Paddling by the steep cliffs, seagulls screamed their plaintive cries that's so characteristic of the seashore. There were white gulls and the immature grey.
Puffins floated on the waters and while we tried not to disturb them, they half ran and half flew to avoid us. They look such ungainly birds as they run and flap across the waves trying to get airborne.
We were in the world of the sea.
Then, there's the other Sea World, where sea creatures are kept in un-natural pens and tanks. I don't know, I just don't understand it.
I do know how lucky I am to live in proximity to the sea and to have the means ( the kayak) to be able to enjoy unobtrusively the ocean environment.
Sunday, August 8, 2010
The community of Torbay is located about 1o kilometres from downtown St. John's. It used to be primarily a fishing and farming community. Torbay fishermen were good oarsmen in their day but not as good as those in Outer Cove where I grew up!
Anyway, today most residents work in the big city but the sea is still there and it called us on this day. Its a spectacular paddle and so close at hand. But, it is not to be paddled on just any day. The waters of Tor Bay can get gnarly so you have to pick the right day. Clyde, Dean, Gary, Sean and I took advantage and had a very enjoyable day paddling to Flatrock and back.
Leaving Torbay and heading for any number of coves. Any little indentation in the shoreline deserves a name and so we paddled along Gallows Cove, Cow Cove, Herring Cove. That's just the names that fit on the map. I'm sure local fishermen have many other quaint names that I'll never know.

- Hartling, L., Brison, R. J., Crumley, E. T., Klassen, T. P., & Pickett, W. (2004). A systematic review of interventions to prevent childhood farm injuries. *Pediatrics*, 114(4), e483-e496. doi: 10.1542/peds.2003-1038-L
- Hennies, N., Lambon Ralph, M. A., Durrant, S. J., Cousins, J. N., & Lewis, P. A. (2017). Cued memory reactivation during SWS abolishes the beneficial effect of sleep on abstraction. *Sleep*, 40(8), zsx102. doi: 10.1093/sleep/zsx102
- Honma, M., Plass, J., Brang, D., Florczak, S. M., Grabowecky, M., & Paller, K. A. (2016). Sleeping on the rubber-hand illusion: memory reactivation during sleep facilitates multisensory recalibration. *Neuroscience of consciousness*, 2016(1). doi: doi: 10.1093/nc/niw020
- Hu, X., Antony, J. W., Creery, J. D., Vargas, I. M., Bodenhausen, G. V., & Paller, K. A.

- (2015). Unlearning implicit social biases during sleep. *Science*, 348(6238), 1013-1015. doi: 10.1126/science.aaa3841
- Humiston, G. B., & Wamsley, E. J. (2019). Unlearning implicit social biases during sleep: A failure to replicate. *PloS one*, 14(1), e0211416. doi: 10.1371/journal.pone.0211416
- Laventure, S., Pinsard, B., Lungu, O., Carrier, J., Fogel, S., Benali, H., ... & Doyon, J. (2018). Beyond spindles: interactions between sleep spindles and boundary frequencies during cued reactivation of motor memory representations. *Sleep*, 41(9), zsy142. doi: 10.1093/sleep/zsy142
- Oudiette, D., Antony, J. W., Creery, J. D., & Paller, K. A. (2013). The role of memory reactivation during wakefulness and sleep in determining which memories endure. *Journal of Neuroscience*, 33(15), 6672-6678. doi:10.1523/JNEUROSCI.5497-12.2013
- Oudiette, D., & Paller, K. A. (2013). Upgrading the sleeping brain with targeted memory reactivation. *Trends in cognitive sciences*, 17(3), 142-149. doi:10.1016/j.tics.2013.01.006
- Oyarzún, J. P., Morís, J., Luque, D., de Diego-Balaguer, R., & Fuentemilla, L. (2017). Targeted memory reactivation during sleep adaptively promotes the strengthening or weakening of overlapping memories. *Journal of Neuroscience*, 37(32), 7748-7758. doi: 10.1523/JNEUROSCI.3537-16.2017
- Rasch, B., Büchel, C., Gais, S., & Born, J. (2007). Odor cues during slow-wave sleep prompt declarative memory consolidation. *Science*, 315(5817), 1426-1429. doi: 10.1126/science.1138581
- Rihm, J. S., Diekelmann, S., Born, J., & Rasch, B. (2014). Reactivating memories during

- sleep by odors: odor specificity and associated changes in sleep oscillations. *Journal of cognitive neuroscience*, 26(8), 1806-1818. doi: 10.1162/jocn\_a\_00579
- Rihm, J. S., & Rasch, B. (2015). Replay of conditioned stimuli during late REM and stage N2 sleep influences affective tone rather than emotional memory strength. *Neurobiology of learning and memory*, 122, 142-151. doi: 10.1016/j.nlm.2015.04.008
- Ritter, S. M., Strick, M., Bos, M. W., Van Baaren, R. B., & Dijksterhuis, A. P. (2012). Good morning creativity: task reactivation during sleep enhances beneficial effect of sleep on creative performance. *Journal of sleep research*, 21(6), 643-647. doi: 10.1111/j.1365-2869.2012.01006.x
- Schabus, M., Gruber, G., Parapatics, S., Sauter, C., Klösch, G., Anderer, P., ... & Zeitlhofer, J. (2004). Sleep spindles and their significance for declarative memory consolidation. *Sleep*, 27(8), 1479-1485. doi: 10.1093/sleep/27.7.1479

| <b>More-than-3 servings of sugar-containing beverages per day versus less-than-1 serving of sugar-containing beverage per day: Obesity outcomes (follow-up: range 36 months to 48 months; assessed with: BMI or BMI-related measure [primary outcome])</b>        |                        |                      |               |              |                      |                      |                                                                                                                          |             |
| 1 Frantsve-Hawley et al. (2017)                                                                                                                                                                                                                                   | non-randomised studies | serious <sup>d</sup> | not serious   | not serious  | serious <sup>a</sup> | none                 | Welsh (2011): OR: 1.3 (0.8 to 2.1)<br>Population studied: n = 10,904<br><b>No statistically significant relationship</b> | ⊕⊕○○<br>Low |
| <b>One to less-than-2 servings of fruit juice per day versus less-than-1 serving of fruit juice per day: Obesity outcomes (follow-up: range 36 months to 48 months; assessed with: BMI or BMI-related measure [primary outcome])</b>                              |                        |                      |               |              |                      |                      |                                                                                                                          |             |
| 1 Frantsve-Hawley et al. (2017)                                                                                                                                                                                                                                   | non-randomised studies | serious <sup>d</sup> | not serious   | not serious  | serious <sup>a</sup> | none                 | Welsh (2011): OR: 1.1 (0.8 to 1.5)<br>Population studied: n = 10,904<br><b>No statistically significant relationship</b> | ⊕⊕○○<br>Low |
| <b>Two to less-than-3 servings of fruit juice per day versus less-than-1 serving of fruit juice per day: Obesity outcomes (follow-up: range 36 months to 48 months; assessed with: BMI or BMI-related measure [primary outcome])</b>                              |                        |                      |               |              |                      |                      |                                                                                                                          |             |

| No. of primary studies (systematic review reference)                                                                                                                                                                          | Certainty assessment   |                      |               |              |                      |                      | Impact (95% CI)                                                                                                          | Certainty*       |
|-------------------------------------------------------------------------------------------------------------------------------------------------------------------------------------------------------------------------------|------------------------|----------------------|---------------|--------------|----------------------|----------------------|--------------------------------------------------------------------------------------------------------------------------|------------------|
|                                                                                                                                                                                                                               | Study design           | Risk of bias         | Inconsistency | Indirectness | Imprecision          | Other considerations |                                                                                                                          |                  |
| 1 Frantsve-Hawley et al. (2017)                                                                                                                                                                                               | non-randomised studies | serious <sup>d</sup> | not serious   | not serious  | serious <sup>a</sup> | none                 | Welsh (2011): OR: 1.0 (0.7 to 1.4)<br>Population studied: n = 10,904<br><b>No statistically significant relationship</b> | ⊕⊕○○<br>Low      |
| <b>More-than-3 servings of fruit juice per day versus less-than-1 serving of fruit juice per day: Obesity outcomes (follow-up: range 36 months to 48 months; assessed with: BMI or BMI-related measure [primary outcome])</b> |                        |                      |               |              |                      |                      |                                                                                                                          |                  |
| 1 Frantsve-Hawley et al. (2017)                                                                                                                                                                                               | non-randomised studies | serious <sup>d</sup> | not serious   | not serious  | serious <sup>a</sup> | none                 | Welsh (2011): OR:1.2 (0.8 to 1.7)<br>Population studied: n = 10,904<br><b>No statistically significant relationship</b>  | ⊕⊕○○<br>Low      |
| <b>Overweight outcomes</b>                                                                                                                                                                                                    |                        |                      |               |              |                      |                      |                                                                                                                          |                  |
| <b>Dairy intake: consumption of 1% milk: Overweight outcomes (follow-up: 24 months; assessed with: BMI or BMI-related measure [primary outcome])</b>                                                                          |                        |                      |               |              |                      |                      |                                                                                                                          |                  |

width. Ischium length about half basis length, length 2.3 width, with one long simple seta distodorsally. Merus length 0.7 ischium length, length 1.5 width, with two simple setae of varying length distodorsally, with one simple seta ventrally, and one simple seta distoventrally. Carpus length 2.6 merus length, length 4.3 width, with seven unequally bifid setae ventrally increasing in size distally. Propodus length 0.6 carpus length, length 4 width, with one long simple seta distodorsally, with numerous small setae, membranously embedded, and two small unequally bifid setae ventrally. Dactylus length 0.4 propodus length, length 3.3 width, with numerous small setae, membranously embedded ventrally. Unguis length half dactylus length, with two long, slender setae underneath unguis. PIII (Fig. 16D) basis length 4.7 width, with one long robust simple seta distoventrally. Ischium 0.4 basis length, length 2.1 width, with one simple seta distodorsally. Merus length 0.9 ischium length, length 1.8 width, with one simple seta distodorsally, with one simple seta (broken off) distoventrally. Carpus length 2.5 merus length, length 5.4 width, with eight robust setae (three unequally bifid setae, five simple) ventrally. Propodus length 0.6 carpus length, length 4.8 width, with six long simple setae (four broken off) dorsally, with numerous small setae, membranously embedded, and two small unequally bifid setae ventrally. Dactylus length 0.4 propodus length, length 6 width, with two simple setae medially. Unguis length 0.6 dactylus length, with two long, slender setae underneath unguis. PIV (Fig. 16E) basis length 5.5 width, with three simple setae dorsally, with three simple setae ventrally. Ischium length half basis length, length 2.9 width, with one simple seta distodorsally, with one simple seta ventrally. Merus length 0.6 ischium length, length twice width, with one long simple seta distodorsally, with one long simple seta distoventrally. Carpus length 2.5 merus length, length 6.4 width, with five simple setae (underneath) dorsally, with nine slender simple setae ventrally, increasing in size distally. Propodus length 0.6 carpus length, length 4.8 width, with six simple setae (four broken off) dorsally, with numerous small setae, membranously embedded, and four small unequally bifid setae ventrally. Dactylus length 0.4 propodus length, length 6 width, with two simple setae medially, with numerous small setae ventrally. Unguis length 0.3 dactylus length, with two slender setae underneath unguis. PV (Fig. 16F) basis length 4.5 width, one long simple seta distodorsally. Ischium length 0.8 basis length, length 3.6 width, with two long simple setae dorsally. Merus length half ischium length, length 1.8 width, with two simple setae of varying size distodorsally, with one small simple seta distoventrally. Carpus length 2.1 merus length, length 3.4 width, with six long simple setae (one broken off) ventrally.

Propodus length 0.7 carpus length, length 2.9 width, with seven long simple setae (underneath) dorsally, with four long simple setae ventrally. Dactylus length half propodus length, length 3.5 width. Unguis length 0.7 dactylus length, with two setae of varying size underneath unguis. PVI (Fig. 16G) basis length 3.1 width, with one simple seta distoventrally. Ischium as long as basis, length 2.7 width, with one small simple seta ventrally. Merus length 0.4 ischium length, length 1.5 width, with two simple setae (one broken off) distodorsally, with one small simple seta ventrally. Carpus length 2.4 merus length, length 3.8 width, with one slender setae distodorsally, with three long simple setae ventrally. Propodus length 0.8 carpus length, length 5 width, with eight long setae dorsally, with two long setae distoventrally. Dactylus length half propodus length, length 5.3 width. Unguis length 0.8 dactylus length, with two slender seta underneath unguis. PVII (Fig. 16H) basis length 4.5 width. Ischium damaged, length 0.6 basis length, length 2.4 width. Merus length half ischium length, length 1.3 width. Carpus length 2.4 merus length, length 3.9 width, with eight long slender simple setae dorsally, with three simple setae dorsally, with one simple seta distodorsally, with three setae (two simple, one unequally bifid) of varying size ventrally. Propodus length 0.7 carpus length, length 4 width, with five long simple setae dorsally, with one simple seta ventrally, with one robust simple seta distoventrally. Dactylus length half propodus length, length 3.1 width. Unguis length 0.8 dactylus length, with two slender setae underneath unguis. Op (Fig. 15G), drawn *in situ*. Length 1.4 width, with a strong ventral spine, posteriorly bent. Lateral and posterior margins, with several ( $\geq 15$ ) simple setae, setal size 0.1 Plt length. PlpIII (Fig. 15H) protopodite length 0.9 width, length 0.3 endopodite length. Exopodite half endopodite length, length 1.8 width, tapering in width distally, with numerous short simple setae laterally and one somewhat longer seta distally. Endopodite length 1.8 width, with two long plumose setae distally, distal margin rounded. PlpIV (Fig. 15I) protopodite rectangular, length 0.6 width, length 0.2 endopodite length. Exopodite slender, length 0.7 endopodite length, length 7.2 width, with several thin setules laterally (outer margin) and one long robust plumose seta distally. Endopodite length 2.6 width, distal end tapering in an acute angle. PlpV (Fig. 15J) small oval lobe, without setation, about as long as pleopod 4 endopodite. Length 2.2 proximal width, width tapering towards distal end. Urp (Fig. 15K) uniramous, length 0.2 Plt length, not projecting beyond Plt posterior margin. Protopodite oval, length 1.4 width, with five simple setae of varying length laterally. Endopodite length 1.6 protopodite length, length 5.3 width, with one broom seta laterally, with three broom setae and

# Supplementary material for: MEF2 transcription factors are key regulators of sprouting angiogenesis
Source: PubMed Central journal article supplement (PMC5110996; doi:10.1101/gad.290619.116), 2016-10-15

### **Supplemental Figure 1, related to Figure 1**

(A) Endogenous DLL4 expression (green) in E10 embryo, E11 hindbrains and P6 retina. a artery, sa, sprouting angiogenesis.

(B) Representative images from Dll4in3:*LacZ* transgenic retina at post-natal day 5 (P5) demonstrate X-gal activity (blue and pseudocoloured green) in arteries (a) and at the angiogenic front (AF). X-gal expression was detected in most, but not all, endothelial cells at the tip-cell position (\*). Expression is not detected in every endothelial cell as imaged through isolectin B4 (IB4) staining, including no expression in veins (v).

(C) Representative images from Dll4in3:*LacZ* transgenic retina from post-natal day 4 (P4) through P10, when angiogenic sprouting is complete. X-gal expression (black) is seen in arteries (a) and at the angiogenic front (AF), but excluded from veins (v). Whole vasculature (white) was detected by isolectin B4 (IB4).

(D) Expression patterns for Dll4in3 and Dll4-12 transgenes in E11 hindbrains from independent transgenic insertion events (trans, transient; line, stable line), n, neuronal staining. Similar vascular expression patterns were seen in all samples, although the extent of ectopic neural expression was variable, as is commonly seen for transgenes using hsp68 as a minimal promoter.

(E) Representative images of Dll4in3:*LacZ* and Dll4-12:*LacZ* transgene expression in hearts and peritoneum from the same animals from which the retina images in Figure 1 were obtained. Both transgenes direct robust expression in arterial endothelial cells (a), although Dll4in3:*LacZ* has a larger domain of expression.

Paddling north from Torbay towards Flatrock we saw 3 plumes of spray. Then, we heard more behinds us at about 4 o'clock. There were whales and plenty of them. I can't say how many in total but we were in the right place on this day.
We got relatively close in a few instances with numerous display of flukes but they weren't sociable today. They seemed intent on feeding and didn't really pay us much heed. Still, the presence of so many whales added to the anticipation and excitement. After a while we decided to let the whales be and paddled on.
The sedimentary rock beds are massive but persistence by the sea over eons have found a weakness to carve out a cave. Clyde provides perspective for this huge cave as he floats on turquoise waters.
It was a cloudless day with bright sunshine. The sun behind us reflected off of the grey coloured sandstones that really made the etching in the rocks stand out.